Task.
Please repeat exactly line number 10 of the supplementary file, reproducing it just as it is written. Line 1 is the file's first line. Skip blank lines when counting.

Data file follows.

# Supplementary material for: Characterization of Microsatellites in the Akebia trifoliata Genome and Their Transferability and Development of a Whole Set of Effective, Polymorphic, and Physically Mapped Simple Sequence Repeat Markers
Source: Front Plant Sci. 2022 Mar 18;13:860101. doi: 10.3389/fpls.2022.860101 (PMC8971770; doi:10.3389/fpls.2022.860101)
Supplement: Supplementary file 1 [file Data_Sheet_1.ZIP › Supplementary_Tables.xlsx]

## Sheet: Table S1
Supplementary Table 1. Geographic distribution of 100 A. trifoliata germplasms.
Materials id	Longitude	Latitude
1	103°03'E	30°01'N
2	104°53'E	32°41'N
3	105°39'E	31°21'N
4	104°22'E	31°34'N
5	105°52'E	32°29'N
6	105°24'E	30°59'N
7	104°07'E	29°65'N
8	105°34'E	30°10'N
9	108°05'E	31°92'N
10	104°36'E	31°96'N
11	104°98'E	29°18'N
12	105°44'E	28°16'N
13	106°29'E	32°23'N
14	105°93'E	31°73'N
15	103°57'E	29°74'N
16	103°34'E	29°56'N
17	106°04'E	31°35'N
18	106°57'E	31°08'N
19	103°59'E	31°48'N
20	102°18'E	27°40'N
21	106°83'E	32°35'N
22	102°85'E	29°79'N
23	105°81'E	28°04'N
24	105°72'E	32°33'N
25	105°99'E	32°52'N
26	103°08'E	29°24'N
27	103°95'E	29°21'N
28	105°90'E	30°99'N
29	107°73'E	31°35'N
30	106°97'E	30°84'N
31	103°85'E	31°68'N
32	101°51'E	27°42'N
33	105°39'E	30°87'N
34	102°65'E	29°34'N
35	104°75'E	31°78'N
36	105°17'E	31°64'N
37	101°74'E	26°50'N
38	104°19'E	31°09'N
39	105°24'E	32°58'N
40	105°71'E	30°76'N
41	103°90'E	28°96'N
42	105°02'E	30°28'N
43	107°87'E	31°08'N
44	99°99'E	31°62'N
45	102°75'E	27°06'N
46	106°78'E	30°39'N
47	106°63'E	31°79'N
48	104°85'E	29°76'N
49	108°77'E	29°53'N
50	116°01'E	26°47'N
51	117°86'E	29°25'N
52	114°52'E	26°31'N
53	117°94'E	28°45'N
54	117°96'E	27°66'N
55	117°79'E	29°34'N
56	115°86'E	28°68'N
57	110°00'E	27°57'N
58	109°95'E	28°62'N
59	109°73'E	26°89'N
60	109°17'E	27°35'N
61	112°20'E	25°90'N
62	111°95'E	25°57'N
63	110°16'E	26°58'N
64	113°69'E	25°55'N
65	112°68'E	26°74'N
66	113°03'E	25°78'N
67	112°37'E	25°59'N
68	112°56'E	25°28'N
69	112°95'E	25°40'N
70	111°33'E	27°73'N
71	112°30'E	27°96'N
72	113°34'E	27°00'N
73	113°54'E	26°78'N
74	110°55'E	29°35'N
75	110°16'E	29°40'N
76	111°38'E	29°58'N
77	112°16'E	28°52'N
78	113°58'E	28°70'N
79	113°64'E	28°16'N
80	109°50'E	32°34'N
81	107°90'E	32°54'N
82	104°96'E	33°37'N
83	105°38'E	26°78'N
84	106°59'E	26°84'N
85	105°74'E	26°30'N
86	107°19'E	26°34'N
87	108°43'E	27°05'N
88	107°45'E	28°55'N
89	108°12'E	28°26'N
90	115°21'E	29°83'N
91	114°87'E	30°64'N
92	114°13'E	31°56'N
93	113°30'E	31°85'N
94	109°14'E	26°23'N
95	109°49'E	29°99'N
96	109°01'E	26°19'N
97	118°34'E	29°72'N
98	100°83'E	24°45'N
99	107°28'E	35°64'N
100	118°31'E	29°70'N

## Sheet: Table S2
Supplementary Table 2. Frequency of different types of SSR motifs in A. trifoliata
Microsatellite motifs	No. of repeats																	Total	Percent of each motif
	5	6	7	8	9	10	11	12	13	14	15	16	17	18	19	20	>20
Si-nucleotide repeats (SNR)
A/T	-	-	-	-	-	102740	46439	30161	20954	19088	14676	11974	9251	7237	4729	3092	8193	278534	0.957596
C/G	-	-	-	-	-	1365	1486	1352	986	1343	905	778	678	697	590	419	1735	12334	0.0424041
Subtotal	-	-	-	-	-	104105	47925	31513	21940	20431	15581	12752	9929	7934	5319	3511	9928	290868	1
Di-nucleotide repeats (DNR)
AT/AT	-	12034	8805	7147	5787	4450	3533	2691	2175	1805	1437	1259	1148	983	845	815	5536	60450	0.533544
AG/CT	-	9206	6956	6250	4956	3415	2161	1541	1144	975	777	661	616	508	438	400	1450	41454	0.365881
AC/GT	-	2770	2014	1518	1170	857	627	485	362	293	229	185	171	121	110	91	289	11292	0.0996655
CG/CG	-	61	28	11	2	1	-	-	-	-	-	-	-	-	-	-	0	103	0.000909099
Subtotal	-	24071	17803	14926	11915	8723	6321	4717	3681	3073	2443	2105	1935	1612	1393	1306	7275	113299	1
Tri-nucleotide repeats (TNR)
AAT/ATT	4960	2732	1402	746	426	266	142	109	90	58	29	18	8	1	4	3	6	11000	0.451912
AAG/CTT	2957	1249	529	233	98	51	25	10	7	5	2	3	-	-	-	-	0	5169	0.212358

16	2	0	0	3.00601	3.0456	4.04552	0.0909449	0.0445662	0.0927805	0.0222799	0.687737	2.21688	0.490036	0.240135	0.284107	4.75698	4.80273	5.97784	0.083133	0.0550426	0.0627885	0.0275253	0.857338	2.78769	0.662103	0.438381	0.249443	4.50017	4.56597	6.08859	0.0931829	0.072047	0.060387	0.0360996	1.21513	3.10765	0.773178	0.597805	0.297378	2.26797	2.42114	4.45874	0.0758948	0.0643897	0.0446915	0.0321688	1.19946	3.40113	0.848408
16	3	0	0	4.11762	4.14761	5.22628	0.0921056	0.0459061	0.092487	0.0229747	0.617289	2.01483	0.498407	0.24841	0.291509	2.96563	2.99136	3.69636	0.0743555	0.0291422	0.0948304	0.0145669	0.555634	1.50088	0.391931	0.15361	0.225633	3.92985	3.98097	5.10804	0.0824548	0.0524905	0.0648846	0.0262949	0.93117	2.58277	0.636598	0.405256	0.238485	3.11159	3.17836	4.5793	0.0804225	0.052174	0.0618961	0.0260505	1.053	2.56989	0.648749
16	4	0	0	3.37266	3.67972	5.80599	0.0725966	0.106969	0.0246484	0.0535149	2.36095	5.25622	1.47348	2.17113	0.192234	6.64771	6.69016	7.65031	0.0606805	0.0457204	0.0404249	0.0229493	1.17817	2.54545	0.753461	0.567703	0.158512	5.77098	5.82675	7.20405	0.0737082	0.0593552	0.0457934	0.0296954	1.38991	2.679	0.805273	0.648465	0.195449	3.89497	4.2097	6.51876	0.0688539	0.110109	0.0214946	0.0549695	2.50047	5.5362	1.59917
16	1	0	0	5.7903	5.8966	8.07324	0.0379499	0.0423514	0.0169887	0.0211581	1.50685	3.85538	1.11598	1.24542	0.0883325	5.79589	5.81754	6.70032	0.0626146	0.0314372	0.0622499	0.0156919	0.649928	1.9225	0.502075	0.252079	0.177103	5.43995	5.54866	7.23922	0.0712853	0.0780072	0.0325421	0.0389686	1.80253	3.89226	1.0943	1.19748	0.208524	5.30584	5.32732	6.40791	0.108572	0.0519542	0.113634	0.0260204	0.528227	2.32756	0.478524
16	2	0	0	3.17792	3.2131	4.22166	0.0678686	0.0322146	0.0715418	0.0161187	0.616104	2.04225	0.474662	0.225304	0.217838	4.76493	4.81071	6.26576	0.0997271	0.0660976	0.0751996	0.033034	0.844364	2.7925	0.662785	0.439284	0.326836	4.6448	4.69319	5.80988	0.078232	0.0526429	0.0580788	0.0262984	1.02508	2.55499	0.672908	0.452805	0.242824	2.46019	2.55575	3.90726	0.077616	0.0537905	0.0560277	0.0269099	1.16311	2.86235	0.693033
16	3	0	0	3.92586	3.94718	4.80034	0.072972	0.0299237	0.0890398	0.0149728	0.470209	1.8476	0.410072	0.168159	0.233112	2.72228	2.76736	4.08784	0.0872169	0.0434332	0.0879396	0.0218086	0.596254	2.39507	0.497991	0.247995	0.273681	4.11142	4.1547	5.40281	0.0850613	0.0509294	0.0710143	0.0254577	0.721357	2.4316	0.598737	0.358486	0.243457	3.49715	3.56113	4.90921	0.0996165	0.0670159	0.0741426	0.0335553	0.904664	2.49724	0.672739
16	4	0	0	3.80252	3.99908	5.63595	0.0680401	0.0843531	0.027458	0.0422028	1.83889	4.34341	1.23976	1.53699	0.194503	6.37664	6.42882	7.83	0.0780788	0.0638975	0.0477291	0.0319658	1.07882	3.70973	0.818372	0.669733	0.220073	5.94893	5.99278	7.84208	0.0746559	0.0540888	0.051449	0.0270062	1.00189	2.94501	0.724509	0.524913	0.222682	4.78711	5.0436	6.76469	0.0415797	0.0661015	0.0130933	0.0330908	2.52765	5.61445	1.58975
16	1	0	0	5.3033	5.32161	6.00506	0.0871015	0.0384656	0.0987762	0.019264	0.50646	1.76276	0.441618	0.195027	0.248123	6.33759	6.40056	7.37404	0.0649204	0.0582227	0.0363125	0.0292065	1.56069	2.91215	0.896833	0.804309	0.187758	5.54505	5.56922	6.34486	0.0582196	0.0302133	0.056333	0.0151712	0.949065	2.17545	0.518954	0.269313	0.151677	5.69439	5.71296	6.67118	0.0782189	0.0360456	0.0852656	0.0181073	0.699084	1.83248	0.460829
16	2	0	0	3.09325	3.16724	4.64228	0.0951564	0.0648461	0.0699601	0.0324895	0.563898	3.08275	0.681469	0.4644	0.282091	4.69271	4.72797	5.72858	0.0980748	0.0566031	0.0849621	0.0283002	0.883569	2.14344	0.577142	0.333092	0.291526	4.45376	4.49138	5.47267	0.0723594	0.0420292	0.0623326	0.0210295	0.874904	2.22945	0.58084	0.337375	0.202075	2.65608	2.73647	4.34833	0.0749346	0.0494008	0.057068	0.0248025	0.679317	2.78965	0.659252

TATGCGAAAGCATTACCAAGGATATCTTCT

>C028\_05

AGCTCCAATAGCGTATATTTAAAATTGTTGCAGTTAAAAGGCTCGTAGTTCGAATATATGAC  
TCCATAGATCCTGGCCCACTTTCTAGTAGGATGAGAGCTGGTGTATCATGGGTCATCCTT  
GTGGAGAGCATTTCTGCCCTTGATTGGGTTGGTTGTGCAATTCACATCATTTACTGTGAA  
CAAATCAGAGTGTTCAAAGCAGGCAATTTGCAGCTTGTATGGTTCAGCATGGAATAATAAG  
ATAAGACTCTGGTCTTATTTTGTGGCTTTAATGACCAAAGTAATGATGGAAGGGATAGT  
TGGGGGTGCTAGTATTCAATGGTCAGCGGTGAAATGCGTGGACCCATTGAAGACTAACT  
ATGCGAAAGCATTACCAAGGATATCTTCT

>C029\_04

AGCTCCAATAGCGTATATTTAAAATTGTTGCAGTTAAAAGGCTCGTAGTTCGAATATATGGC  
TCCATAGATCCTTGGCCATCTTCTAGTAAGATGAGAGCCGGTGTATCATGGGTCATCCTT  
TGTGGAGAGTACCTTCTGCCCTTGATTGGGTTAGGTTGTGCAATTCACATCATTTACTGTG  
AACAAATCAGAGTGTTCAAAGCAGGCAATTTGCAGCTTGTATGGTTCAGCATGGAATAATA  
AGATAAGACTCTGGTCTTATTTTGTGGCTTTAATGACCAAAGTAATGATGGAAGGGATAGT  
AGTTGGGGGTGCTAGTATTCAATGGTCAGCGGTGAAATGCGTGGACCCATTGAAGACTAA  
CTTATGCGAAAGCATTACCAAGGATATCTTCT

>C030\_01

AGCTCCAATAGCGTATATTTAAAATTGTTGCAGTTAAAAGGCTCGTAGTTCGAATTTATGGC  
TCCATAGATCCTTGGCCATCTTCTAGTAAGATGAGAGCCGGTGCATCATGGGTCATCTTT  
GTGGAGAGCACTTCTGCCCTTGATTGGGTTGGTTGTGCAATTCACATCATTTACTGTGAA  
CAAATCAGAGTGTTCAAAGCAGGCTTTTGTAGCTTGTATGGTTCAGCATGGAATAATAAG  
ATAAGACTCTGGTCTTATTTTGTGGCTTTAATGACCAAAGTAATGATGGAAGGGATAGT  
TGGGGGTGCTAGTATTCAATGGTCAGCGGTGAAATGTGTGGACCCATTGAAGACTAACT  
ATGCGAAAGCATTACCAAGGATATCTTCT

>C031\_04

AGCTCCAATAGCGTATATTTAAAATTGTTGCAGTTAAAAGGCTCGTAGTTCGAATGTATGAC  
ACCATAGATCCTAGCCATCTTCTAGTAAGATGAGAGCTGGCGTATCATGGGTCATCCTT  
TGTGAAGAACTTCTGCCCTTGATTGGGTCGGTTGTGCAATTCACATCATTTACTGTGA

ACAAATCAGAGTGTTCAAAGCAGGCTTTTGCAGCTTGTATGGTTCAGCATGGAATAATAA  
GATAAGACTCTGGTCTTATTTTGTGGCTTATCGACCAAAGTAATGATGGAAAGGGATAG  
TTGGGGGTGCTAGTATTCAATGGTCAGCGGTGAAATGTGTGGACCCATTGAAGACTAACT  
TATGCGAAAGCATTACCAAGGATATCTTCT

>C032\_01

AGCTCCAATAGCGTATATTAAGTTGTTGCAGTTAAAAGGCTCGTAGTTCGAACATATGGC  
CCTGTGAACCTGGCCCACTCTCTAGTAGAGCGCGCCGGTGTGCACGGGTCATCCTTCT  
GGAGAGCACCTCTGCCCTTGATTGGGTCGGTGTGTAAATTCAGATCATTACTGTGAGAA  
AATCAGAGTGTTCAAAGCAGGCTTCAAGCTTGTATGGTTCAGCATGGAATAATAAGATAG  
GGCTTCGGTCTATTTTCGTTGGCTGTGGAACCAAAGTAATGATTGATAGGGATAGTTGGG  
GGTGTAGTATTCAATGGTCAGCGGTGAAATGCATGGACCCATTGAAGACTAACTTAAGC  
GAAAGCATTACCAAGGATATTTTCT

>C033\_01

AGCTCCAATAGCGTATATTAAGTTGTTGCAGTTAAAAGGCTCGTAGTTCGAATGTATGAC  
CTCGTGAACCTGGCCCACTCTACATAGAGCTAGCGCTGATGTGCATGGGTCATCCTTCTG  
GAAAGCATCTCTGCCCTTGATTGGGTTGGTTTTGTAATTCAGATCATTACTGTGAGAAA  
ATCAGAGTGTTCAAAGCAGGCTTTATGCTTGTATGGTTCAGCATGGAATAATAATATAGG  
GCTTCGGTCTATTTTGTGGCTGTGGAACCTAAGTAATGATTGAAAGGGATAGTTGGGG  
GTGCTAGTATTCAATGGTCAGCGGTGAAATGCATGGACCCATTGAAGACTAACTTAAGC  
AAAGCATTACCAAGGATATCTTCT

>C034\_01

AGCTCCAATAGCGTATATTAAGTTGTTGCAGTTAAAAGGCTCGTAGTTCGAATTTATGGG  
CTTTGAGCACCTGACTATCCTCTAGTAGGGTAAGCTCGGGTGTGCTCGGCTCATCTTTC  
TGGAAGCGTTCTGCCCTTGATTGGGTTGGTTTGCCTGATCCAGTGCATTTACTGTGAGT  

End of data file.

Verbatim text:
4	104°22'E	31°34'N